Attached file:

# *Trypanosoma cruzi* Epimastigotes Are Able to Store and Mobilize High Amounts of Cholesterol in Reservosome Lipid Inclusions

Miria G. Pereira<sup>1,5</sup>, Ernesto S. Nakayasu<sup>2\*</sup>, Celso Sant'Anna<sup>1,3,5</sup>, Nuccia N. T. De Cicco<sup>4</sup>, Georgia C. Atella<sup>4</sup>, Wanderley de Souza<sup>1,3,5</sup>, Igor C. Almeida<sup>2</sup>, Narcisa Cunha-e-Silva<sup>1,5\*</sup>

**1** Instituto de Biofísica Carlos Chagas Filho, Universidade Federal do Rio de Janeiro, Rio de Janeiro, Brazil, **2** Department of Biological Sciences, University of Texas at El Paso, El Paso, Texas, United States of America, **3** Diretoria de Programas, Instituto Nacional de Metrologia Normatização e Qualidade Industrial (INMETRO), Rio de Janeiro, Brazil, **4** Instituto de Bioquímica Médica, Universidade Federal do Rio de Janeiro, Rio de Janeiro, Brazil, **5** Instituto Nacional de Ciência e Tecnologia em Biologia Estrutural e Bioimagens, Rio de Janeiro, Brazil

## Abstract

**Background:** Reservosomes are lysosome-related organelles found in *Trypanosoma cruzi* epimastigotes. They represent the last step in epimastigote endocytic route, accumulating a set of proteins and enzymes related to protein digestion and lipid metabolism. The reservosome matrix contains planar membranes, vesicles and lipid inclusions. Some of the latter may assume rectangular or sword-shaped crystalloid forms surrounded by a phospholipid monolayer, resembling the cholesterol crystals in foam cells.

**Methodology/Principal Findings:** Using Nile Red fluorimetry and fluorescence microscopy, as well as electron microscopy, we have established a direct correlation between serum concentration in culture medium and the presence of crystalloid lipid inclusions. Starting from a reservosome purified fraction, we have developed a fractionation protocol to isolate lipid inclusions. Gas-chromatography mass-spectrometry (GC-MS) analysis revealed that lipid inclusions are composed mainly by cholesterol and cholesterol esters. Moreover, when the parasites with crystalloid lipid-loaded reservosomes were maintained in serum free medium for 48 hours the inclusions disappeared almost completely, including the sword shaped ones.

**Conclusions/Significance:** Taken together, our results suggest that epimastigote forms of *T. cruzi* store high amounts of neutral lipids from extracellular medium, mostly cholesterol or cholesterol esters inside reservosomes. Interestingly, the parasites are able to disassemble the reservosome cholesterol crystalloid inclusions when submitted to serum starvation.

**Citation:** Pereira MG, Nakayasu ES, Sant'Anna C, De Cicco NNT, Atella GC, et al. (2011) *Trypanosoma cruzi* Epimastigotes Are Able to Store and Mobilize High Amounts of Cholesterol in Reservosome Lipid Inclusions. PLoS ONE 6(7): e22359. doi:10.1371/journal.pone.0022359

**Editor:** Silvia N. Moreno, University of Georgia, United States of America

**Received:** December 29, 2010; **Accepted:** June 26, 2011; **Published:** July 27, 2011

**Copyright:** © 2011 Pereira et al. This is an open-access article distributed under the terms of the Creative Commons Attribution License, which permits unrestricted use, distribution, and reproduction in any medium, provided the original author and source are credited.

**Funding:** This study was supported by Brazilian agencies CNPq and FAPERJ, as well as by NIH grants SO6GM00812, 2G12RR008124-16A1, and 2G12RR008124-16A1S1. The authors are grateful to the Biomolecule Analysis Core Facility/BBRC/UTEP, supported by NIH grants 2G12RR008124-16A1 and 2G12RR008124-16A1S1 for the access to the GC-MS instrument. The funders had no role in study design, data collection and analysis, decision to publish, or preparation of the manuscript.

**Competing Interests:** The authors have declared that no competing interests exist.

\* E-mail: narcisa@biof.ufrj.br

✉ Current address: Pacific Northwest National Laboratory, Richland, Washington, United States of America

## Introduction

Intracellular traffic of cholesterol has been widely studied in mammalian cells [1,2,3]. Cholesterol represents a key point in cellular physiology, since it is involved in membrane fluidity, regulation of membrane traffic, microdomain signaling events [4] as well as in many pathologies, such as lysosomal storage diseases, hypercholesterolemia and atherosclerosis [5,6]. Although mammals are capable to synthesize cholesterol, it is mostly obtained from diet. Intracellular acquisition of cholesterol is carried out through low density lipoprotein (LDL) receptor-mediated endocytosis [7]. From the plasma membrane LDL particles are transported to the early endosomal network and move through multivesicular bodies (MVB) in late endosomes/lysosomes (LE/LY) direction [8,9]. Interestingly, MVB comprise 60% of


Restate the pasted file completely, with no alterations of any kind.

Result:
# *Trypanosoma cruzi* Epimastigotes Are Able to Store and Mobilize High Amounts of Cholesterol in Reservosome Lipid Inclusions

Miria G. Pereira<sup>1,5</sup>, Ernesto S. Nakayasu<sup>2\*</sup>, Celso Sant'Anna<sup>1,3,5</sup>, Nuccia N. T. De Cicco<sup>4</sup>, Georgia C. Atella<sup>4</sup>, Wanderley de Souza<sup>1,3,5</sup>, Igor C. Almeida<sup>2</sup>, Narcisa Cunha-e-Silva<sup>1,5\*</sup>

**1** Instituto de Biofísica Carlos Chagas Filho, Universidade Federal do Rio de Janeiro, Rio de Janeiro, Brazil, **2** Department of Biological Sciences, University of Texas at El Paso, El Paso, Texas, United States of America, **3** Diretoria de Programas, Instituto Nacional de Metrologia Normatização e Qualidade Industrial (INMETRO), Rio de Janeiro, Brazil, **4** Instituto de Bioquímica Médica, Universidade Federal do Rio de Janeiro, Rio de Janeiro, Brazil, **5** Instituto Nacional de Ciência e Tecnologia em Biologia Estrutural e Bioimagens, Rio de Janeiro, Brazil

## Abstract

**Background:** Reservosomes are lysosome-related organelles found in *Trypanosoma cruzi* epimastigotes. They represent the last step in epimastigote endocytic route, accumulating a set of proteins and enzymes related to protein digestion and lipid metabolism. The reservosome matrix contains planar membranes, vesicles and lipid inclusions. Some of the latter may assume rectangular or sword-shaped crystalloid forms surrounded by a phospholipid monolayer, resembling the cholesterol crystals in foam cells.

**Methodology/Principal Findings:** Using Nile Red fluorimetry and fluorescence microscopy, as well as electron microscopy, we have established a direct correlation between serum concentration in culture medium and the presence of crystalloid lipid inclusions. Starting from a reservosome purified fraction, we have developed a fractionation protocol to isolate lipid inclusions. Gas-chromatography mass-spectrometry (GC-MS) analysis revealed that lipid inclusions are composed mainly by cholesterol and cholesterol esters. Moreover, when the parasites with crystalloid lipid-loaded reservosomes were maintained in serum free medium for 48 hours the inclusions disappeared almost completely, including the sword shaped ones.

**Conclusions/Significance:** Taken together, our results suggest that epimastigote forms of *T. cruzi* store high amounts of neutral lipids from extracellular medium, mostly cholesterol or cholesterol esters inside reservosomes. Interestingly, the parasites are able to disassemble the reservosome cholesterol crystalloid inclusions when submitted to serum starvation.

**Citation:** Pereira MG, Nakayasu ES, Sant'Anna C, De Cicco NNT, Atella GC, et al. (2011) *Trypanosoma cruzi* Epimastigotes Are Able to Store and Mobilize High Amounts of Cholesterol in Reservosome Lipid Inclusions. PLoS ONE 6(7): e22359. doi:10.1371/journal.pone.0022359

**Editor:** Silvia N. Moreno, University of Georgia, United States of America

**Received:** December 29, 2010; **Accepted:** June 26, 2011; **Published:** July 27, 2011

**Copyright:** © 2011 Pereira et al. This is an open-access article distributed under the terms of the Creative Commons Attribution License, which permits unrestricted use, distribution, and reproduction in any medium, provided the original author and source are credited.

**Funding:** This study was supported by Brazilian agencies CNPq and FAPERJ, as well as by NIH grants SO6GM00812, 2G12RR008124-16A1, and 2G12RR008124-16A1S1. The authors are grateful to the Biomolecule Analysis Core Facility/BBRC/UTEP, supported by NIH grants 2G12RR008124-16A1 and 2G12RR008124-16A1S1 for the access to the GC-MS instrument. The funders had no role in study design, data collection and analysis, decision to publish, or preparation of the manuscript.

**Competing Interests:** The authors have declared that no competing interests exist.

\* E-mail: narcisa@biof.ufrj.br

✉ Current address: Pacific Northwest National Laboratory, Richland, Washington, United States of America

## Introduction

Intracellular traffic of cholesterol has been widely studied in mammalian cells [1,2,3]. Cholesterol represents a key point in cellular physiology, since it is involved in membrane fluidity, regulation of membrane traffic, microdomain signaling events [4] as well as in many pathologies, such as lysosomal storage diseases, hypercholesterolemia and atherosclerosis [5,6]. Although mammals are capable to synthesize cholesterol, it is mostly obtained from diet. Intracellular acquisition of cholesterol is carried out through low density lipoprotein (LDL) receptor-mediated endocytosis [7]. From the plasma membrane LDL particles are transported to the early endosomal network and move through multivesicular bodies (MVB) in late endosomes/lysosomes (LE/LY) direction [8,9]. Interestingly, MVB comprise 60% of